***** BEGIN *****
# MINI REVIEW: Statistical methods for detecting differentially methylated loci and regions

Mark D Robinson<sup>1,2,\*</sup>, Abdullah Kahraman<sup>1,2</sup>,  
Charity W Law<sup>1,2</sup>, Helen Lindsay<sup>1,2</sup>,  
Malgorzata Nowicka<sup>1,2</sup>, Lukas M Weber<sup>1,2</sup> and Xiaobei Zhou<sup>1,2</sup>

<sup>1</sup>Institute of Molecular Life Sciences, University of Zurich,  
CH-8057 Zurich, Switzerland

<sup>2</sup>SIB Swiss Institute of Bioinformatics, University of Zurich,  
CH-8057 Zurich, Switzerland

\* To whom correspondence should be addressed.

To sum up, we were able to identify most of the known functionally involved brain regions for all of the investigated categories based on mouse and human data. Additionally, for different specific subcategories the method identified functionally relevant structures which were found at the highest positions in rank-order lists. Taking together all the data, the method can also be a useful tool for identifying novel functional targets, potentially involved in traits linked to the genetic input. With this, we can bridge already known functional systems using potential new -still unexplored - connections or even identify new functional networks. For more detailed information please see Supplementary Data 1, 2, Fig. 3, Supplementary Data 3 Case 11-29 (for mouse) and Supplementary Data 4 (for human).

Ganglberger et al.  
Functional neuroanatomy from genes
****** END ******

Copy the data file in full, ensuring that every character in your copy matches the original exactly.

# MINI REVIEW: Statistical methods for detecting differentially methylated loci and regions

Mark D Robinson<sup>1,2,\*</sup>, Abdullah Kahraman<sup>1,2</sup>,  
Charity W Law<sup>1,2</sup>, Helen Lindsay<sup>1,2</sup>,  
Malgorzata Nowicka<sup>1,2</sup>, Lukas M Weber<sup>1,2</sup> and Xiaobei Zhou<sup>1,2</sup>

<sup>1</sup>Institute of Molecular Life Sciences, University of Zurich,  
CH-8057 Zurich, Switzerland

<sup>2</sup>SIB Swiss Institute of Bioinformatics, University of Zurich,  
CH-8057 Zurich, Switzerland

\* To whom correspondence should be addressed.

To sum up, we were able to identify most of the known functionally involved brain regions for all of the investigated categories based on mouse and human data. Additionally, for different specific subcategories the method identified functionally relevant structures which were found at the highest positions in rank-order lists. Taking together all the data, the method can also be a useful tool for identifying novel functional targets, potentially involved in traits linked to the genetic input. With this, we can bridge already known functional systems using potential new -still unexplored - connections or even identify new functional networks. For more detailed information please see Supplementary Data 1, 2, Fig. 3, Supplementary Data 3 Case 11-29 (for mouse) and Supplementary Data 4 (for human).

Ganglberger et al.  
Functional neuroanatomy from genes